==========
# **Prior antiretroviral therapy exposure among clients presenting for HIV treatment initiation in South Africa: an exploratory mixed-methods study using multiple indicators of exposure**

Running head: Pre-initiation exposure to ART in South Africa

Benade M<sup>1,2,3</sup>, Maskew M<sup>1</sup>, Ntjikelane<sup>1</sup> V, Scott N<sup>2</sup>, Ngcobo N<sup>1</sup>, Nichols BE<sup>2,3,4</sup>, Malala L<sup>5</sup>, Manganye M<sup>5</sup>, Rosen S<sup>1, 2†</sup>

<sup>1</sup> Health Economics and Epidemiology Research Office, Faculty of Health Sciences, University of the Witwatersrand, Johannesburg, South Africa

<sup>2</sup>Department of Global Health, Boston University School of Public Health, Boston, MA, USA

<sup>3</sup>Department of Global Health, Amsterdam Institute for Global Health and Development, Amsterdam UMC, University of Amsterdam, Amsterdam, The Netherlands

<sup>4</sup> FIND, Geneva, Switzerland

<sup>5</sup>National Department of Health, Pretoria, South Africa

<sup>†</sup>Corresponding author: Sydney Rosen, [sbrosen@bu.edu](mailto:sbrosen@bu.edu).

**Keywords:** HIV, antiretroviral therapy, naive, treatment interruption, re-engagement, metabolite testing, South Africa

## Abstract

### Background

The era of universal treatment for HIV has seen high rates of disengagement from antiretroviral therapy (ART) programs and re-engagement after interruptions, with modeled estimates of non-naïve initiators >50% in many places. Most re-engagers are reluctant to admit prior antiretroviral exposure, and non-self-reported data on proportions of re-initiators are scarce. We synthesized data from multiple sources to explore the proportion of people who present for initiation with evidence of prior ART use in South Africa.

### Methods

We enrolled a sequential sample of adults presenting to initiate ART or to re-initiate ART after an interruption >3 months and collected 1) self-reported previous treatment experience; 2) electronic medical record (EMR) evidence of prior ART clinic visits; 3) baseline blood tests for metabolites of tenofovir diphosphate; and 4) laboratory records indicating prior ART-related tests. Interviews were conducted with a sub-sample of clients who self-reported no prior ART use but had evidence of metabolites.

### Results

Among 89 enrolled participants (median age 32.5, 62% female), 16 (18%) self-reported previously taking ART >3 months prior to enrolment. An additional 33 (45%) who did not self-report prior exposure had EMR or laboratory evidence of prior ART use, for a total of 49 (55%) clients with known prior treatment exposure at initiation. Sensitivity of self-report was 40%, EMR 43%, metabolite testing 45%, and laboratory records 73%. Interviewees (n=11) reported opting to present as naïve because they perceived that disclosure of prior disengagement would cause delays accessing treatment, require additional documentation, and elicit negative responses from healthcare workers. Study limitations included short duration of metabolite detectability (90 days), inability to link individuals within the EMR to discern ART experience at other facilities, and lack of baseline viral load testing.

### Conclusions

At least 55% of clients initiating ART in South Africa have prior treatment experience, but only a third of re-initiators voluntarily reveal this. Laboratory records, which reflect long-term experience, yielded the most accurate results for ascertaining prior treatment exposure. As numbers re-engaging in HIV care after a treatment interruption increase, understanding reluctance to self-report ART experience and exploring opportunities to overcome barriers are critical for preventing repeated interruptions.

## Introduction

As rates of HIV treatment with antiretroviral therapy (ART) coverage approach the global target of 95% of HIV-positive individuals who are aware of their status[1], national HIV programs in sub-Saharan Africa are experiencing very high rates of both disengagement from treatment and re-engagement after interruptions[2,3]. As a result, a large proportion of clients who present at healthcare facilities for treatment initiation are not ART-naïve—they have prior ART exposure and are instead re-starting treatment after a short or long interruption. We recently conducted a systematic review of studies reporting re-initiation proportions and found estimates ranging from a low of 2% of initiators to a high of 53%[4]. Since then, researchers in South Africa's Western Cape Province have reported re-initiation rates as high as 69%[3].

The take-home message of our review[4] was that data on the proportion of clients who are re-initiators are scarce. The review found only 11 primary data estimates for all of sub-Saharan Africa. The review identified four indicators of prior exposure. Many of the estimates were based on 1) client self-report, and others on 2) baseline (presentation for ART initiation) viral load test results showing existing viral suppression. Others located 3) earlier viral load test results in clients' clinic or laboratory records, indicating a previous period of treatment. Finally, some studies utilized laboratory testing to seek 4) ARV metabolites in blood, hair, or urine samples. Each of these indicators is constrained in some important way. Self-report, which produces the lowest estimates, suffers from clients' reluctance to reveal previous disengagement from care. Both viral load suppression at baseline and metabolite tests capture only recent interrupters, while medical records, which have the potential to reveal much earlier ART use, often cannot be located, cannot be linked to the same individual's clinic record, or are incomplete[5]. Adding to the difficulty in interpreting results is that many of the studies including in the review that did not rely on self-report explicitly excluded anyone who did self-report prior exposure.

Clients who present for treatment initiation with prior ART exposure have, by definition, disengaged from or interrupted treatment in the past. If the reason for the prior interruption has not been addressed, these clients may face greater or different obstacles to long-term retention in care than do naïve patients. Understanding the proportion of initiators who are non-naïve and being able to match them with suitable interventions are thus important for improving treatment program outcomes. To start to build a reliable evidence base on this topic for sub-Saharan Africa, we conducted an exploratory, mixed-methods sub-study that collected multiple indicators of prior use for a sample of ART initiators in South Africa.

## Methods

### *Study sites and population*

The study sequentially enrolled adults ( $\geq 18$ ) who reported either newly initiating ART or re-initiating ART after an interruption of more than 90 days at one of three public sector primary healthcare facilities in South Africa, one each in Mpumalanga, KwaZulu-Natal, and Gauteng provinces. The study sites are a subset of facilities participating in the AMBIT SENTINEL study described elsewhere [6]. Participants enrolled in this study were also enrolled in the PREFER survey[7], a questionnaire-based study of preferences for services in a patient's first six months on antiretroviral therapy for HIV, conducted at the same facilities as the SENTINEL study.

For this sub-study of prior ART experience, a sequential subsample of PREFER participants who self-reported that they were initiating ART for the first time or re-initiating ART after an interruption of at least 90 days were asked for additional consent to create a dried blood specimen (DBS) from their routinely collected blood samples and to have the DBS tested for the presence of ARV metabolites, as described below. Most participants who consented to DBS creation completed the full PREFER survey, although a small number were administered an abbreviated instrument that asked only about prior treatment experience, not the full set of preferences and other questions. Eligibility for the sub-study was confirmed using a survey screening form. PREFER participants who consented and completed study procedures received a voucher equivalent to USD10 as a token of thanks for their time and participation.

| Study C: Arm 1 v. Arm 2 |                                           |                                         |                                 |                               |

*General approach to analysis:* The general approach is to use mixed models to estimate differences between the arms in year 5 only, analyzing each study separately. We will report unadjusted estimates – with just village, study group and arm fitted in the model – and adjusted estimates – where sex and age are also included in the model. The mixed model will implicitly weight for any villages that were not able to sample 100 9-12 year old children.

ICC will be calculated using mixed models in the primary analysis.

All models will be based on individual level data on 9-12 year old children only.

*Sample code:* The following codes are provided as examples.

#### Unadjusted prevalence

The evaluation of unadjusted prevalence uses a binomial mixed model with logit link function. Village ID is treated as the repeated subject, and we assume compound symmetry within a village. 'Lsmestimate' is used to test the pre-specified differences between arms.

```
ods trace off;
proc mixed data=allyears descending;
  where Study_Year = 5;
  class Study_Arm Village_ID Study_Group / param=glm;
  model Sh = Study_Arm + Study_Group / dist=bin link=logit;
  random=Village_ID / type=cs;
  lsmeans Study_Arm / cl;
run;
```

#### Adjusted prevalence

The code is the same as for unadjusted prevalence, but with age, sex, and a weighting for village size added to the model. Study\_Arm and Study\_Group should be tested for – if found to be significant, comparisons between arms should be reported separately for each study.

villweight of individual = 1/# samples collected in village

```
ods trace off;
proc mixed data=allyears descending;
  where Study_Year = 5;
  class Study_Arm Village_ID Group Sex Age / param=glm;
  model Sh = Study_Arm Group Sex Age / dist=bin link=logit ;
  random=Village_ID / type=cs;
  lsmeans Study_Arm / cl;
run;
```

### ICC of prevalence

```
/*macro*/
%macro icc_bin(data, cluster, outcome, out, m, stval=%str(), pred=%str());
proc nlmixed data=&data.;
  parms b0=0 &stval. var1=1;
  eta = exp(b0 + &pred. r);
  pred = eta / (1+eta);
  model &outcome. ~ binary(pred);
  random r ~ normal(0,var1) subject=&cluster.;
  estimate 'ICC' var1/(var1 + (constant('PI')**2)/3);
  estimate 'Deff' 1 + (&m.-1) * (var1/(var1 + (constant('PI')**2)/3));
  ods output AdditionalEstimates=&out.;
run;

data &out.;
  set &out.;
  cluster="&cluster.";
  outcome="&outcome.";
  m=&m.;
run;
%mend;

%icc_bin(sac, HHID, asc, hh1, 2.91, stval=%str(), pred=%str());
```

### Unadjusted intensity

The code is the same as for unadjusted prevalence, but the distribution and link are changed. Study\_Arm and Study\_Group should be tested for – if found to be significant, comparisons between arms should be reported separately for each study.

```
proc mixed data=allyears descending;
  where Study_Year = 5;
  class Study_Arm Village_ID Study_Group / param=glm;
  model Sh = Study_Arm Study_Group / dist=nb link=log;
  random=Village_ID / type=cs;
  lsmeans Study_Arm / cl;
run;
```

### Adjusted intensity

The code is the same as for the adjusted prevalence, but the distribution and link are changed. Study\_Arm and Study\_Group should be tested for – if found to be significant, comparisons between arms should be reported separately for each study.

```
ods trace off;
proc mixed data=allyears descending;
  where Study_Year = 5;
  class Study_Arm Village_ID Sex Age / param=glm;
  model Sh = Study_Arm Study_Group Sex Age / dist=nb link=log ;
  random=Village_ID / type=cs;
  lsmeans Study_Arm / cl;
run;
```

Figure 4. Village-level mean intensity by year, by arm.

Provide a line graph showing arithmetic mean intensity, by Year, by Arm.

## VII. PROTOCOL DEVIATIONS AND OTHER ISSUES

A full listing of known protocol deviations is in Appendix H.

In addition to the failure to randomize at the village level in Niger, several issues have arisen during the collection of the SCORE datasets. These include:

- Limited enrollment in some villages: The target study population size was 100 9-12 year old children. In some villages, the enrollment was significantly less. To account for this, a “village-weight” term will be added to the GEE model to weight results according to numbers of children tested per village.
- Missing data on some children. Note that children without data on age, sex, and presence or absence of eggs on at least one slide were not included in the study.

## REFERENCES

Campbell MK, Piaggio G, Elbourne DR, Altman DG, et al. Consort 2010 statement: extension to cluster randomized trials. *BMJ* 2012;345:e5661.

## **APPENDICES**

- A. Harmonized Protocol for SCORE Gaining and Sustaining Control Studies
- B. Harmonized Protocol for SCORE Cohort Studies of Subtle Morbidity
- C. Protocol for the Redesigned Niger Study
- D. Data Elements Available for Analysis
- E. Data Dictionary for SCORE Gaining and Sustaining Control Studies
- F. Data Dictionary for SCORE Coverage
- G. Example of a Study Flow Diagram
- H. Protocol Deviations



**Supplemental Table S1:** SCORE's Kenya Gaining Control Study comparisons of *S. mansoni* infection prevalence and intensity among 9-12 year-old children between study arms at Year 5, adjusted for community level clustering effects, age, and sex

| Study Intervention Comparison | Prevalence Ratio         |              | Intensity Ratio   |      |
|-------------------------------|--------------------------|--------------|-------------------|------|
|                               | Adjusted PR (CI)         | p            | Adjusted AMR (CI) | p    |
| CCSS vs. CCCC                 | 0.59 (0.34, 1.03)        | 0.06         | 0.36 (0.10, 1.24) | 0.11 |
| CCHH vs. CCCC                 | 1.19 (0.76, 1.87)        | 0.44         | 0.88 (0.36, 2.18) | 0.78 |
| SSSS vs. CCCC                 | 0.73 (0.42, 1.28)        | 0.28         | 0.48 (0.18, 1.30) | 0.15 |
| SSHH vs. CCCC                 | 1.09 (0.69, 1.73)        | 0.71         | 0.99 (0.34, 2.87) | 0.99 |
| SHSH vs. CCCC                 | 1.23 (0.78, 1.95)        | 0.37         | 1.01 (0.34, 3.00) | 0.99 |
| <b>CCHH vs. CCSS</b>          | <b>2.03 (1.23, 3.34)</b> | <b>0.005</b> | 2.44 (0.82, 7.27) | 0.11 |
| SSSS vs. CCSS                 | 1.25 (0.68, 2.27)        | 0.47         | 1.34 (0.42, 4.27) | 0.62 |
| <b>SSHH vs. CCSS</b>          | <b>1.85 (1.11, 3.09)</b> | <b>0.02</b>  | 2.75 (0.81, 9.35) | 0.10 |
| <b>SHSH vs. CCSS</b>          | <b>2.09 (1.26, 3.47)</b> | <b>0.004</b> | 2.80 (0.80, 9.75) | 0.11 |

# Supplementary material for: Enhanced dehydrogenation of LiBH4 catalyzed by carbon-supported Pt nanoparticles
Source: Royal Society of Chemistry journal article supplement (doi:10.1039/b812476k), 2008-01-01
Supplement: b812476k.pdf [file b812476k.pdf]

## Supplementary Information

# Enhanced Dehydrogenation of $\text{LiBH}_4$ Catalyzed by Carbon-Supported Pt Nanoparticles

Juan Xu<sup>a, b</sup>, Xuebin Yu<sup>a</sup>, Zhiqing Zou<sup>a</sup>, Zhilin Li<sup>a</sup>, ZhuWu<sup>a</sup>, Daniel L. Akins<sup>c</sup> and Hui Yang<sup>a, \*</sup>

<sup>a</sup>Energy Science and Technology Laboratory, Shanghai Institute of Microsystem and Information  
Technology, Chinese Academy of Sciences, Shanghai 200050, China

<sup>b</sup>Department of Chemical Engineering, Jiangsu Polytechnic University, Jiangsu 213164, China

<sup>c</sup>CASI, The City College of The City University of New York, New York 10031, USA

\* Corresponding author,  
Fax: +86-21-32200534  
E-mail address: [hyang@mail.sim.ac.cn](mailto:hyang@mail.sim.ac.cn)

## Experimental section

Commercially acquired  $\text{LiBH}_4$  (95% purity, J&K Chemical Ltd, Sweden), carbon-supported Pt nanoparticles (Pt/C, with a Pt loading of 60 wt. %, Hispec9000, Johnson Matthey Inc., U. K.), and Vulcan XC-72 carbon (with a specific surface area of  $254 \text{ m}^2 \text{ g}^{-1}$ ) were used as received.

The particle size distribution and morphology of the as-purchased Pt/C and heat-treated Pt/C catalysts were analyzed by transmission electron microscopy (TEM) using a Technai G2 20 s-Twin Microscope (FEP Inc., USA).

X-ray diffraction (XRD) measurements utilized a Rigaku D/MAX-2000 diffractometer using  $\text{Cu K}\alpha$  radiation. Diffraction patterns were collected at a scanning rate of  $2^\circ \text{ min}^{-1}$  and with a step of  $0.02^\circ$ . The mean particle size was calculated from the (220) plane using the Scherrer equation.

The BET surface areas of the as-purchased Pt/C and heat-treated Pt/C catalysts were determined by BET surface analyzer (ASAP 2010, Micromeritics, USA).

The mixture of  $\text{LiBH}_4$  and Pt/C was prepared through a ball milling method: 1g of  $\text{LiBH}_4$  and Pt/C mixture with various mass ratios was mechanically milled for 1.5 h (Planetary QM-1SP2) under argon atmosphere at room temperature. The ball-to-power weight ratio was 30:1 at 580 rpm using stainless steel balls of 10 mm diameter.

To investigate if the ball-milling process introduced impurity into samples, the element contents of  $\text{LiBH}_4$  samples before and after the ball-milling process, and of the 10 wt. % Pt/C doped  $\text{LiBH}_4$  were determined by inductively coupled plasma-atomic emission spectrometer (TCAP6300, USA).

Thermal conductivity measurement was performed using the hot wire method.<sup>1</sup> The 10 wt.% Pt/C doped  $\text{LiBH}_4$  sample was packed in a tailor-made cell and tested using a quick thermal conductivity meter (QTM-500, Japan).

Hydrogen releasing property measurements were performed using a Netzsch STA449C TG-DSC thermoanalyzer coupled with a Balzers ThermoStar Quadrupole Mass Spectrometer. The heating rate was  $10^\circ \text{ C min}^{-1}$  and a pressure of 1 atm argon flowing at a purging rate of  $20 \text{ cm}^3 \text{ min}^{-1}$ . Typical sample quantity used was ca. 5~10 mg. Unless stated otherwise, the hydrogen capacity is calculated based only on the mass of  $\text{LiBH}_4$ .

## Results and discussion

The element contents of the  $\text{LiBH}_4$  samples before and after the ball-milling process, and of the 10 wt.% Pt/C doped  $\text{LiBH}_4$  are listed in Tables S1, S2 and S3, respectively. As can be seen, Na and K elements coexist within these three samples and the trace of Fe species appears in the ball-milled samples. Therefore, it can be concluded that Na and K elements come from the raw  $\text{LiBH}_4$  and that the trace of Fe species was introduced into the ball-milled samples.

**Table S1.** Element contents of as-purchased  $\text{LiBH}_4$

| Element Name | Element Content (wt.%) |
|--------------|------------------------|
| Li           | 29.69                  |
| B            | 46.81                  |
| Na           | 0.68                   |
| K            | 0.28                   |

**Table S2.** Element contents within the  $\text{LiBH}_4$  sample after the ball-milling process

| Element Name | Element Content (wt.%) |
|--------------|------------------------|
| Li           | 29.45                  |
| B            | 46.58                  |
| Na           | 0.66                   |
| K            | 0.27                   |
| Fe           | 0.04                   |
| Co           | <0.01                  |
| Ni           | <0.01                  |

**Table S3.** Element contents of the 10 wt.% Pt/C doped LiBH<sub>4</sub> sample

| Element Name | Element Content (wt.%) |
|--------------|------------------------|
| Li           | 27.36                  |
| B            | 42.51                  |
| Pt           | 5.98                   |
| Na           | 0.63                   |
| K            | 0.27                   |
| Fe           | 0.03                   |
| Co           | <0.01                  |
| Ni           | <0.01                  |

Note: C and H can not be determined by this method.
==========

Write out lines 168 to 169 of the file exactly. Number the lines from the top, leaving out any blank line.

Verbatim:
|--------------|------------------------|
| Li           | 29.45                  |